After you search for the hashtag you’d like to follow, click on “All” on the top of the page to see all tweets using that hashtag.  If you see a post to which you would like to respond, click on the arrow below the tweet.  This will allow you to tell the person that you are interested in connecting with him/her.

Building your professional network on Twitter will also make it easier for you to find connections.  When you see people who are tweeting about things that interest you, click on their name.  In their profile you will find a button which will allow you to follow them and see all of their tweets. Just as in real life, the more you interact with people, the more you will build relationships that lead to collaboration.

Use Your Other Social Media Networks to Find Connections

Many people think of Facebook as a place to share pictures with friends and family, but it can be a great tool for finding connections for your students.  It never hurts to ask for what you need from your network.  I’ve had a lot of success finding experts to connect with my students in this way.  It also can be a great way to find Mystery Skype contacts.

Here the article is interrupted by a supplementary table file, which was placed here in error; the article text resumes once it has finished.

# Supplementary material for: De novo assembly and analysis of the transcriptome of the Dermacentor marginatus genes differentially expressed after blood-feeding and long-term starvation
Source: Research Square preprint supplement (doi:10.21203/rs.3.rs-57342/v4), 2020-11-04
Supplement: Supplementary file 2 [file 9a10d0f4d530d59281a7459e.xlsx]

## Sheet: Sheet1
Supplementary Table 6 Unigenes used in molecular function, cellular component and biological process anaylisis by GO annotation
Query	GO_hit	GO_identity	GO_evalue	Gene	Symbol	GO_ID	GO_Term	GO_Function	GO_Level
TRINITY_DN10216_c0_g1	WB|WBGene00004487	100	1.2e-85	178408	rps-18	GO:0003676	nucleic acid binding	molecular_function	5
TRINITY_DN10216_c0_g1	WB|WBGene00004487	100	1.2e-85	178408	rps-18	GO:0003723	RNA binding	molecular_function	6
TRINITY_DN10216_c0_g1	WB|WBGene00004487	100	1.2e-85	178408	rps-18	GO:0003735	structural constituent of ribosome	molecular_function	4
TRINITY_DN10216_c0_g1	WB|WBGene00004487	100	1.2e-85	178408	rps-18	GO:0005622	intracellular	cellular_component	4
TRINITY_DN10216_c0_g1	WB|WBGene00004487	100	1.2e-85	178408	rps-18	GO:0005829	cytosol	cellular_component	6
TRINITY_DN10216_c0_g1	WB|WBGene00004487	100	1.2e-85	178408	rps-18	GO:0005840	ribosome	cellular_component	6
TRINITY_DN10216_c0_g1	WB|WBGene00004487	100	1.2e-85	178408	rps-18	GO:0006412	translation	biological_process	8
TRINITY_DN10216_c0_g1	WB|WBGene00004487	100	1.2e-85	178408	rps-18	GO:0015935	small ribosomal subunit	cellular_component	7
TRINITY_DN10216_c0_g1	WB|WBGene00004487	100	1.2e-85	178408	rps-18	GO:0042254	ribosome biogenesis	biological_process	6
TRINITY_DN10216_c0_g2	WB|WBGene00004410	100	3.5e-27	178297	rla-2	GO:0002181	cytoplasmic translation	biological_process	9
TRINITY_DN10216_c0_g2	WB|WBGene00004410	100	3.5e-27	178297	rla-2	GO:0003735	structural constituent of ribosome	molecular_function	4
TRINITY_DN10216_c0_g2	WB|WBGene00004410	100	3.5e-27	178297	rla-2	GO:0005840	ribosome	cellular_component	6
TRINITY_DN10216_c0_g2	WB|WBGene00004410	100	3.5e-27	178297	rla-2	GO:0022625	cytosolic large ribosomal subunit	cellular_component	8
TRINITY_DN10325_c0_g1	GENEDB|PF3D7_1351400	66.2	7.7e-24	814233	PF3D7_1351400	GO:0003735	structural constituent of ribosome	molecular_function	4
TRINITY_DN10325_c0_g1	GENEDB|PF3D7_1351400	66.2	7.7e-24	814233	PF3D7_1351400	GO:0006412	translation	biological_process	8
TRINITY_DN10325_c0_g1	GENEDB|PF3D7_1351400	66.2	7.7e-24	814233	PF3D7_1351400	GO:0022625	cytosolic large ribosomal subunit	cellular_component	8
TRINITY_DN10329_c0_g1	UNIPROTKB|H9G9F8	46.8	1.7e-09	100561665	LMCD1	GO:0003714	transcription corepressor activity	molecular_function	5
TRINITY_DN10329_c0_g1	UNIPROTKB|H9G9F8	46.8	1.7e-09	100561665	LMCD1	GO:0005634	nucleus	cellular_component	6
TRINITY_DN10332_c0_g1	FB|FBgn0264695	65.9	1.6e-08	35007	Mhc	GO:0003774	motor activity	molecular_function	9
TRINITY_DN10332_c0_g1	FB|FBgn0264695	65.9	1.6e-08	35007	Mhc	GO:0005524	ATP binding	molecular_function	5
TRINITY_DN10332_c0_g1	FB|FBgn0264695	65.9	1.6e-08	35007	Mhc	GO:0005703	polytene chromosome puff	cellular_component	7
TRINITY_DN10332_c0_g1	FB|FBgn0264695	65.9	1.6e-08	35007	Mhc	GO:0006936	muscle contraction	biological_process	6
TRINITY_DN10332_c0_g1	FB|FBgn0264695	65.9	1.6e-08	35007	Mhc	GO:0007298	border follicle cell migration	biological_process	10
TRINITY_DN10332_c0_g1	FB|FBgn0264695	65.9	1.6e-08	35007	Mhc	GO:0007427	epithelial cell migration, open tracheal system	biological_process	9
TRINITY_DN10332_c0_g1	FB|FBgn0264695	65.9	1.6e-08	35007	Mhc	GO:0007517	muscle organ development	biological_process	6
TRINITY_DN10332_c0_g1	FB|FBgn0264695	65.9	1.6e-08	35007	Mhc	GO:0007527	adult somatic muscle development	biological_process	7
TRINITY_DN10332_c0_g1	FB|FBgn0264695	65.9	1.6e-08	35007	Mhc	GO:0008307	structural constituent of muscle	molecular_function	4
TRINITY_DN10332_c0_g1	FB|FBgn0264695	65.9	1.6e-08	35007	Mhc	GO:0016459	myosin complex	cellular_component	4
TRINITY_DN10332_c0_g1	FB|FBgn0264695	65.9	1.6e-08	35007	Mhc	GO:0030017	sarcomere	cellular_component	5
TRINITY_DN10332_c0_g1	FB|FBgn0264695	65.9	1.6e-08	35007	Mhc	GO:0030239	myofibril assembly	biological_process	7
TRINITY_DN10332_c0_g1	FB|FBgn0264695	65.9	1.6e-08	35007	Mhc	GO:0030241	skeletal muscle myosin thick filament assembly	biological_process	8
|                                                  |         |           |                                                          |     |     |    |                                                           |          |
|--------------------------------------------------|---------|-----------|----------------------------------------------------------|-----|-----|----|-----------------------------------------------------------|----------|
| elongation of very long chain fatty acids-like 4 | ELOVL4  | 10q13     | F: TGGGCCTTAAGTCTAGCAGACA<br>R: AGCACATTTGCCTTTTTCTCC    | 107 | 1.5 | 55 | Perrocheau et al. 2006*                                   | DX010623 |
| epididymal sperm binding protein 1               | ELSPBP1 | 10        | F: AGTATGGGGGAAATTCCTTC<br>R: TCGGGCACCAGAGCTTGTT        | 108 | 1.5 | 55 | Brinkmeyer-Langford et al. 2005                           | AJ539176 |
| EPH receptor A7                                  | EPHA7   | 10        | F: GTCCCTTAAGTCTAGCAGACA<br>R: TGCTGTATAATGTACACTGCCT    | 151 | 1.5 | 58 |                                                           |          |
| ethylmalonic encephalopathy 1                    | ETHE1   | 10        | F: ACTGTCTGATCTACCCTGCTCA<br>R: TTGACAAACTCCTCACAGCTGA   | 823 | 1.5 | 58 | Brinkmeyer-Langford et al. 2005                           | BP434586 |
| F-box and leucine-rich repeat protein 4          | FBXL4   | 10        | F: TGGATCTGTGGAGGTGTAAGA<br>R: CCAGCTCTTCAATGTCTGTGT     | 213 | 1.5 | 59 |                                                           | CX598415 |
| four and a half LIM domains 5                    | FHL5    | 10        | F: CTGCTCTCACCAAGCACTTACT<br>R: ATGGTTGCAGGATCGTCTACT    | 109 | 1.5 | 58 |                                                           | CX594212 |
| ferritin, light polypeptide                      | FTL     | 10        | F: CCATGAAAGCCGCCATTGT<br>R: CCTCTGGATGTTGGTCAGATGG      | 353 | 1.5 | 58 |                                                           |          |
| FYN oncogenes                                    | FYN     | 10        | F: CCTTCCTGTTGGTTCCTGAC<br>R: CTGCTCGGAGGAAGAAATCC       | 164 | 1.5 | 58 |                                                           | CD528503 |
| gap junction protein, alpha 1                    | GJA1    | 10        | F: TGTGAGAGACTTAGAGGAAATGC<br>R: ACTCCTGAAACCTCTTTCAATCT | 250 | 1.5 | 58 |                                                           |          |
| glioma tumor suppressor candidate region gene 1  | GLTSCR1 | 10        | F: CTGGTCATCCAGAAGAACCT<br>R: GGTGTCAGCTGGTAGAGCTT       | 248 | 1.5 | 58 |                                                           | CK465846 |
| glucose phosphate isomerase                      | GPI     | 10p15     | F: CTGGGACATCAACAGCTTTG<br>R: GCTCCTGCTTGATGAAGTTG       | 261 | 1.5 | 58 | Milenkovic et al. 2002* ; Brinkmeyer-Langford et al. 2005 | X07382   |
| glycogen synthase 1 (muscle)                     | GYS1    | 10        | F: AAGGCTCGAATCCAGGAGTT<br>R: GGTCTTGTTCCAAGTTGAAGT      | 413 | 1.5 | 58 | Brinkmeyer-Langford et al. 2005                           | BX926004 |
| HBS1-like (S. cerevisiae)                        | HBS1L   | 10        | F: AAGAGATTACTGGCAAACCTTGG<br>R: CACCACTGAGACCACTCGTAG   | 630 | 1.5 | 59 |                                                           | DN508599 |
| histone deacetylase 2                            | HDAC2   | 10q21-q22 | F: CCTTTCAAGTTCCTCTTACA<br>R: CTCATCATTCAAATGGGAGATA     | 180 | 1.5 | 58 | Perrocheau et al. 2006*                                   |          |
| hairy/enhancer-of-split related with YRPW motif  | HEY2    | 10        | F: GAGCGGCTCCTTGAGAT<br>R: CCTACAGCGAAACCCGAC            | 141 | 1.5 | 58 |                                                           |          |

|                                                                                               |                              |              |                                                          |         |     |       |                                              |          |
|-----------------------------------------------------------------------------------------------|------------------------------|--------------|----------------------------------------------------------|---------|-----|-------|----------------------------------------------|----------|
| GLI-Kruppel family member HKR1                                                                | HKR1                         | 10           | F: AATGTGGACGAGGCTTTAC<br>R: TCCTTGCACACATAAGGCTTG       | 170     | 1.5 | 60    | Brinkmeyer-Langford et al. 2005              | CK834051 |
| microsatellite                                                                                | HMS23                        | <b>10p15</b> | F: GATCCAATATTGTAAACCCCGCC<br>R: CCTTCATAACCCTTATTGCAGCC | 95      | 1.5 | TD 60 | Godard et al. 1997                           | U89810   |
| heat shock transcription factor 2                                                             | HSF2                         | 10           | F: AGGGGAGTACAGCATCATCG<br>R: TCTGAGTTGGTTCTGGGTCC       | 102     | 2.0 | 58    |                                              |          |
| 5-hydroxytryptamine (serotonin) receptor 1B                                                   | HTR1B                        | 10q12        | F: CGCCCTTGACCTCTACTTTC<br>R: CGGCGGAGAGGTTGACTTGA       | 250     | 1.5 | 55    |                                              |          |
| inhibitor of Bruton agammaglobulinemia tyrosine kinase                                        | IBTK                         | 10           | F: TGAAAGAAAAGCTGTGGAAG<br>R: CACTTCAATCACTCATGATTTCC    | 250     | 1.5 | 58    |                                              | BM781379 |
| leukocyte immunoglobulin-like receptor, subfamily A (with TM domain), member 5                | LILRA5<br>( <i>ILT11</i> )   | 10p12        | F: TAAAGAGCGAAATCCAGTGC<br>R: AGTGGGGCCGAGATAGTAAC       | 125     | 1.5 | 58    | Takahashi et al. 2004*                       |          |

Facebook groups also provide excellent opportunities for teachers to connect and learn from each other.  Some groups are public (anybody can join and contribute), and others are private (you must be invited).  If you do a search in Facebook for “Education”, you will see more than a thousand groups where educators are communicating and collaborating with each other. More specific searches such as “Mystery Skype” will give you less results, but may help you find a group that meets your needs.  Find a public group that looks interesting, and join to get involved. If you see a closed group that you would like join, you can send a request for membership. 

The Most Important Thing Is to Get Started